Mostly, and this I believe with all my heart, mostly, we wish we had not been so alone.  Some of us went with units; but many, probably most of us, were civilians one day, jerked up out of “the world”, shaved, barked at, insulted, humiliated, and taught to kill, to fix radios, to drive trucks.  We went, put in our time, and were equally ungraciously plucked out of the morass and placed back in the real world. But now we smoke dope, shoot shit, or drink heavily.  Our wives or husbands seem distant and strange.  Our friends want to know if we shot anybody.


Veterans are people just like you.  We served our country, proudly or reluctantly or ambivalently. What makes us different - what makes us Veterans - is something we understand, but we are afraid nobody else will. But we appreciate your asking.


Veterans are white, black, beige and shades of grey.  We had names like Smith, Johnston, Jones, Stein, Beasley and Kowalski. We were Australians, Kiwis, Americans, Canadians and Koreans, and English.


We were farmers, students, mechanics, steelworkers, nurses, and priests when the call came that changed us forever. We had dreams and plans, and they all had to change... or wait.  We were daughters and sons, lovers and poets, hippies and philosophers, convicts and lawyers. We were rich and poor but mostly poor.  We were educated or not, mostly not.  We grew up in the back blocks, in city shacks, in duplexes, and bungalows and houseboats and hooches and sheep and cattle stations.  We were cowards and heroes.  Sometimes we were cowards one moment and heroes the next.


When we came home and marched through people protesting the Vietnam War, some told our anger and horror for all to hear. Or we sat alone in small rooms, in repat hospital wards, in places where only the crazy ever go.  We are Labor, Liberal, National Party, Socialists, and Confucians and Buddhists and Atheists, though as usually is the case, even the atheists among us sometimes prayed to get out of there alive.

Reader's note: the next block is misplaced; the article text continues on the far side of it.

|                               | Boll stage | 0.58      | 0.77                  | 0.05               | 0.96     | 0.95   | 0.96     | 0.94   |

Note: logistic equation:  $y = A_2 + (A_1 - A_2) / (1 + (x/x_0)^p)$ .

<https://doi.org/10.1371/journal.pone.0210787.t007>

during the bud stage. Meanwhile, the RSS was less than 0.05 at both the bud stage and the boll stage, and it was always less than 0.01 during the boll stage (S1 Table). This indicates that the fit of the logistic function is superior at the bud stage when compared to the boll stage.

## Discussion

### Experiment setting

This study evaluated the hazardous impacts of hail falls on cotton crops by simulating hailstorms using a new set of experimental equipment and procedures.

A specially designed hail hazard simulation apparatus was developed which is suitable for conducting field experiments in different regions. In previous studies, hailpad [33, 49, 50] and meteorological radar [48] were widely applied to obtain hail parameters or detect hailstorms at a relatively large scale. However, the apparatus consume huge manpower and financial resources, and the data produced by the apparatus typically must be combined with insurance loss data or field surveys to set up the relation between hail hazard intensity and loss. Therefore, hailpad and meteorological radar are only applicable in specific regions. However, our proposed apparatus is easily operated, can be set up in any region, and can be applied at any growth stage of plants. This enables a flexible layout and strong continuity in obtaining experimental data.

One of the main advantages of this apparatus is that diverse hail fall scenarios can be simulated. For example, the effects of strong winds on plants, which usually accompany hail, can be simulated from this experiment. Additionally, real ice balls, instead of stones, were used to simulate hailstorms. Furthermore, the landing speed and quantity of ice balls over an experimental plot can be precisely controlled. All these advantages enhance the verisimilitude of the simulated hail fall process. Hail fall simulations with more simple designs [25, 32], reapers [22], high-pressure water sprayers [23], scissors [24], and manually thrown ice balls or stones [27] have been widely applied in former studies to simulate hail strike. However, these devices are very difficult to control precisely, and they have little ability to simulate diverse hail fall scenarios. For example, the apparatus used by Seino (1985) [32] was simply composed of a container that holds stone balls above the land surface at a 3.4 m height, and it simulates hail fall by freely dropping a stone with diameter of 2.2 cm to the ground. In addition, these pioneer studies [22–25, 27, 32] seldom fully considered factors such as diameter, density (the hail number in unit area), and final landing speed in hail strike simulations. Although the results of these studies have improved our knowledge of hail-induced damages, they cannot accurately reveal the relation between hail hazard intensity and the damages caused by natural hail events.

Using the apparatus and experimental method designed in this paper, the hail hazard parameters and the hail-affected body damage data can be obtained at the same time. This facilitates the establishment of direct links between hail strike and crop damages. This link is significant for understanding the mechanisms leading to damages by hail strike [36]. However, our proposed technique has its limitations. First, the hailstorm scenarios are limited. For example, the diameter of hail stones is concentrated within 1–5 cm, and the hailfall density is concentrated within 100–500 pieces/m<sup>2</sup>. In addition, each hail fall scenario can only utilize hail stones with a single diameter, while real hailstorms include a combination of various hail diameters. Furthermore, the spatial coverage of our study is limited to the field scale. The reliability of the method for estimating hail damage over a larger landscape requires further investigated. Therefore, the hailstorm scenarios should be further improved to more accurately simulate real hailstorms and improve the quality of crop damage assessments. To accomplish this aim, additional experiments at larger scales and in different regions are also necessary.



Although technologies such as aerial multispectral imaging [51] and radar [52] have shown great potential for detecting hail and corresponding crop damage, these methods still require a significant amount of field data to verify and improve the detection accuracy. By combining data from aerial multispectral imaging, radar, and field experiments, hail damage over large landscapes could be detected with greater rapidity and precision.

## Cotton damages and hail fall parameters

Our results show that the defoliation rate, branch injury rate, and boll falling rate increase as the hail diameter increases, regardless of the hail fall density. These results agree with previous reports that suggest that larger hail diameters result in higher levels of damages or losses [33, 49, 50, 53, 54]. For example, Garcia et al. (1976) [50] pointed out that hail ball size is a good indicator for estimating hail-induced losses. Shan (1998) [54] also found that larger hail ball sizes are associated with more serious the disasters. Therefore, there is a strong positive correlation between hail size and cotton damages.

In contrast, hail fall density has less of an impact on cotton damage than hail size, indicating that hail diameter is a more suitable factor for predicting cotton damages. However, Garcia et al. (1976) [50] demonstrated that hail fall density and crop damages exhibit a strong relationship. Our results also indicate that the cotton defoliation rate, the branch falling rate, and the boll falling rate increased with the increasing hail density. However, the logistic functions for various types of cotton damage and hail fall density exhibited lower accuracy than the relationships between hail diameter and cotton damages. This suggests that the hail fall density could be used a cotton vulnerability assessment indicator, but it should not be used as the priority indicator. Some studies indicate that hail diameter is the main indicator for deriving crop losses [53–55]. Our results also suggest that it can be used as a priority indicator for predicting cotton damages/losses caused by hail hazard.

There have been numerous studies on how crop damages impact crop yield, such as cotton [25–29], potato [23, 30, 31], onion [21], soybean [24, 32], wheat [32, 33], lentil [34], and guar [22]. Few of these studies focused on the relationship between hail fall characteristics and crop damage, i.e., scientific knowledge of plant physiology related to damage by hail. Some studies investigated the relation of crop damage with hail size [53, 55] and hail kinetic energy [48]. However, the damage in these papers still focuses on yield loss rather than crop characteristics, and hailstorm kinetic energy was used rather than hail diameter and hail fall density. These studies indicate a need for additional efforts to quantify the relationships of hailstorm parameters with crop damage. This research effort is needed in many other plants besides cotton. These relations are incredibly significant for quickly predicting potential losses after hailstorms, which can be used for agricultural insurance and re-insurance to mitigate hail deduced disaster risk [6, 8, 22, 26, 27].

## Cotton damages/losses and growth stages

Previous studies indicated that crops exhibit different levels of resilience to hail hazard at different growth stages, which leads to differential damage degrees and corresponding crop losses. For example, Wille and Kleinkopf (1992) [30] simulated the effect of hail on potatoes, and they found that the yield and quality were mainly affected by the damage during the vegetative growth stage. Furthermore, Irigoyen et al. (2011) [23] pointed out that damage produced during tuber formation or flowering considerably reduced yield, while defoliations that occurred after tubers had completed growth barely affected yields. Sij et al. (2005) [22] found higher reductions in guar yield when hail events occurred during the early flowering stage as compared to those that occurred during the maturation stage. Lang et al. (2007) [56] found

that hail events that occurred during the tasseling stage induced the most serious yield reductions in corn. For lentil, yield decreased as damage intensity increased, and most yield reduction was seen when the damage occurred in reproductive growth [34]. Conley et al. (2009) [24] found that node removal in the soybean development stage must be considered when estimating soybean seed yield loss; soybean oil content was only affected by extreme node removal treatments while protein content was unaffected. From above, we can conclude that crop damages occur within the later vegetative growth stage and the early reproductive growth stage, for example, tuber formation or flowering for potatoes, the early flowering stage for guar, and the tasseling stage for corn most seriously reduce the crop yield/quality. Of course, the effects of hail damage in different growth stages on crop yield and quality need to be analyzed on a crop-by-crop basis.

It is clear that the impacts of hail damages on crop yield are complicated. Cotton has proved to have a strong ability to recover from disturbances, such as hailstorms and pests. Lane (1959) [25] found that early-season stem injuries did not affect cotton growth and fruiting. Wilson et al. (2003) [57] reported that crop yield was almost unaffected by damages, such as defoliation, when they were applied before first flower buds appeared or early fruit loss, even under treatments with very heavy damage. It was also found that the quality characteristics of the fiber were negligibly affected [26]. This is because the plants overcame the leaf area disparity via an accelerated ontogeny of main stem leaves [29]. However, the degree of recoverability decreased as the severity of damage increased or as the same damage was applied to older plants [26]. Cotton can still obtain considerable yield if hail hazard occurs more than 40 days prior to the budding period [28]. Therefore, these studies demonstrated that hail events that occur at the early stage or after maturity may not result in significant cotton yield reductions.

We are hungry, and we are sated, full of life or clinging to death.  We are injured, and are curers, despairing and hopeful, loved or lost.  We got too old too quickly, but some of us have never grown up. We want, desperately; to go back, to heal wounds, revisit the sites of our horror.  Or we want never to see that bloody place again, to bury it, it’s memories, its meaning. We want to forget, and we wish we could remember.


Despite our differences, we have so much in common.  There are few of us who don’t know how to cry, though we often do it alone when nobody will ask “what's wrong?”  We’re afraid we might have to answer.


So Australians, if you want to know what a War Veteran is, get in your car or get a friend with a car to drive you.  Go to an ANZAC DAY on the 25th April.  There will be hundreds there ...no, thousands. Watch them. Listen to them.  Talk to them.  I’ll be there.  Rejoice a bit.  Cry a bit.  No, cry a lot.  I will.  I’m a proud Veteran; and, after 40 or so years, I think I am beginning to understand what that means.








The Gippsland Chapter recognises Veterans in accordance the the Australian Government's Bill:


         Australian Veterans' Recognition (Putting Veterans and Their Families First) Bill 2019


Bill Background



Bill Summary


The Bill


The bill: provides a general recognition of veterans and their families; sets out the Australian Defence Force Covenant; provides statements that veterans' affairs portfolio legislation will be interpreted with a beneficial intention and that the Commonwealth is committed to working cooperatively with veterans, their families and ex service organisations to address issues facing veterans; and provides that the Commonwealth may issue pins, cards and other artefacts to veterans and their family members.





"veteran" means a person who has served, or is serving, as a member

of the Permanent Forces or as a member of the Reserves